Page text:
A week later, Kerry told the U.S. Senate that the window of opportunity for a two-state solution was liable to close within a year and a half to two years. Senior Israeli officials were upset by this assessment, saying they couldn’t figure out what it was based on. Netanyahu, asked about it later, responded sarcastically that he didn’t share Kerry’s pessimism.
But none of these missteps came close to the fiasco of Palestinian Prime Minister Salam Fayyad’s resignation in mid-April. Senior Israeli and Palestinian officials both said that Kerry’s telephone calls to Fayyad and Palestinian Authority President Mahmoud Abbas, in which he applied heavy pressure to prevent the resignation, did more harm than good.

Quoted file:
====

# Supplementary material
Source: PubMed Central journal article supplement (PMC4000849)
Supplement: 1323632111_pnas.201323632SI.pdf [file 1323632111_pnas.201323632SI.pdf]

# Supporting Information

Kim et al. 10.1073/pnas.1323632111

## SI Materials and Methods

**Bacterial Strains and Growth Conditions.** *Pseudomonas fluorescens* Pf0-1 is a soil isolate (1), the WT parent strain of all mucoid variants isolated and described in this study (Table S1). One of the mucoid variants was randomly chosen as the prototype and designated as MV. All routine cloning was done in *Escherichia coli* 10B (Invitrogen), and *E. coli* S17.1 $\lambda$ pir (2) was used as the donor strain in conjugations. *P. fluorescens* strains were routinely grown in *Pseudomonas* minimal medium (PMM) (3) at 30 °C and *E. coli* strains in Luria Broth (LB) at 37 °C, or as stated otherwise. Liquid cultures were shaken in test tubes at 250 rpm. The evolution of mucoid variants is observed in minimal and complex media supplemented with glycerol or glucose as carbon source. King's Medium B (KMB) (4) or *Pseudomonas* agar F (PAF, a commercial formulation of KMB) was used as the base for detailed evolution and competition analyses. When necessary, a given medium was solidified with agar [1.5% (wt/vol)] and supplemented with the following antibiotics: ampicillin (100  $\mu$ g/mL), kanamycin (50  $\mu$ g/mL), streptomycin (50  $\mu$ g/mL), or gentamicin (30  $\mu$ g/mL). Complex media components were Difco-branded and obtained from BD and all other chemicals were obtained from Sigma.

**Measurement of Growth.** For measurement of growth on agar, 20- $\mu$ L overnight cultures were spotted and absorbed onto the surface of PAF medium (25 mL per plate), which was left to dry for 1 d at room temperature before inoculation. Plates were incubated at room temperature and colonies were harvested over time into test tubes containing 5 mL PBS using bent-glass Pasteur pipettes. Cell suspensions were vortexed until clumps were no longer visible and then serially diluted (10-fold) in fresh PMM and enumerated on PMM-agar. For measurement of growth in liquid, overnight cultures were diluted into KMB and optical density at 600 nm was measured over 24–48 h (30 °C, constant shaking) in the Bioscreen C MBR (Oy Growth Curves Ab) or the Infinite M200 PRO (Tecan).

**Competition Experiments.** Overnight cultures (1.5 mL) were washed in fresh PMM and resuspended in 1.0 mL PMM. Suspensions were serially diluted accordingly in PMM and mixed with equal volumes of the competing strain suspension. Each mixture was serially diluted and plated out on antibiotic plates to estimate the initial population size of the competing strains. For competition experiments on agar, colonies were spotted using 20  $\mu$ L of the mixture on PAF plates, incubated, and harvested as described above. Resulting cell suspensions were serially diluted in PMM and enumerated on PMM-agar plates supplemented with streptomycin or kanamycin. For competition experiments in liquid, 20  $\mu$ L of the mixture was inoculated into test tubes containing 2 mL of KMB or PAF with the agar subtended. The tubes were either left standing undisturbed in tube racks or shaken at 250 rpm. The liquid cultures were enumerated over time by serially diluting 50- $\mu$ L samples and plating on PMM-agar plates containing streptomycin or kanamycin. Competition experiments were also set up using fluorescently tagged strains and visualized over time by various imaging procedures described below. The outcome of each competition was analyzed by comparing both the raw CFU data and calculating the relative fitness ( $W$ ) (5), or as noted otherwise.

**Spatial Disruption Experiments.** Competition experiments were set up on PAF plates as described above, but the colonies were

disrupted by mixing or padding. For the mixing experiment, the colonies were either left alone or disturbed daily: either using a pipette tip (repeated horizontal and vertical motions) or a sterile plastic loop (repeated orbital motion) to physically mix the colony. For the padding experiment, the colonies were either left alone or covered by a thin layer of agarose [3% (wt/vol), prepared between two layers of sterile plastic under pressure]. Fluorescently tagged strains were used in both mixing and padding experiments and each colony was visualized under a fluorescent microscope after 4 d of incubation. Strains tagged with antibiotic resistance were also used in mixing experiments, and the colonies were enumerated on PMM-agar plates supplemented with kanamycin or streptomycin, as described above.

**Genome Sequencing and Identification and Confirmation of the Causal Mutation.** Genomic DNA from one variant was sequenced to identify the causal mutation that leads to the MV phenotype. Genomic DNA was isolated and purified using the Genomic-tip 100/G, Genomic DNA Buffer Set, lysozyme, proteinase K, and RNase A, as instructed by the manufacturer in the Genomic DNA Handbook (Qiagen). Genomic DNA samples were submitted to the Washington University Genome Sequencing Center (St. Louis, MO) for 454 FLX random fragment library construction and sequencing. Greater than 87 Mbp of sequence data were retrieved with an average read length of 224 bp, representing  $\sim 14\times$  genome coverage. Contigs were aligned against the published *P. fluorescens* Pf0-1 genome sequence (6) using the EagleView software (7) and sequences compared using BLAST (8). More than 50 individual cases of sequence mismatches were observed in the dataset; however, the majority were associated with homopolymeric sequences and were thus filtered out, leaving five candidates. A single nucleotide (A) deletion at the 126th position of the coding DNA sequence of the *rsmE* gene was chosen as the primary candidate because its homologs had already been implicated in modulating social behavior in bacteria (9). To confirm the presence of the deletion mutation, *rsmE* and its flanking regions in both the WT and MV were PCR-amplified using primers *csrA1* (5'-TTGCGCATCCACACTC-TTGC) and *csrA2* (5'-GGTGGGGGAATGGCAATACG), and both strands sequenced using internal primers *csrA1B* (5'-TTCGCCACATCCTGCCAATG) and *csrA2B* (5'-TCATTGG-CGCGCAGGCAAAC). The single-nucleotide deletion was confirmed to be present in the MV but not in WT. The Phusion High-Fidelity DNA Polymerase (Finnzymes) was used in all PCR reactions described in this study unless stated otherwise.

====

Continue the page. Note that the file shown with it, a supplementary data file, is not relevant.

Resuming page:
Still acting like a senator
The incidence of these phone calls leaked out, and Fayyad was painted as an American puppet. The furious prime minister then declared that he was determined to leave. “This was Kerry’s biggest mistake,” a senior Palestinian official said. “If he hadn’t intervened, Fayyad wouldn’t have resigned.”
Despite holding one of the most important jobs in U.S. President Barack Obama’s administration, on the Israeli-Palestinian issue Kerry acts like he is still a senator from Massachusetts. Senior American officials said he works alone, with input from almost no one but his adviser on Middle East affairs, Frank Lowenstein, who worked with him when Kerry served on and later chaired the Senate Foreign Relations Committee. The majority of the State Department’s senior staffers have simply been left out of the loop.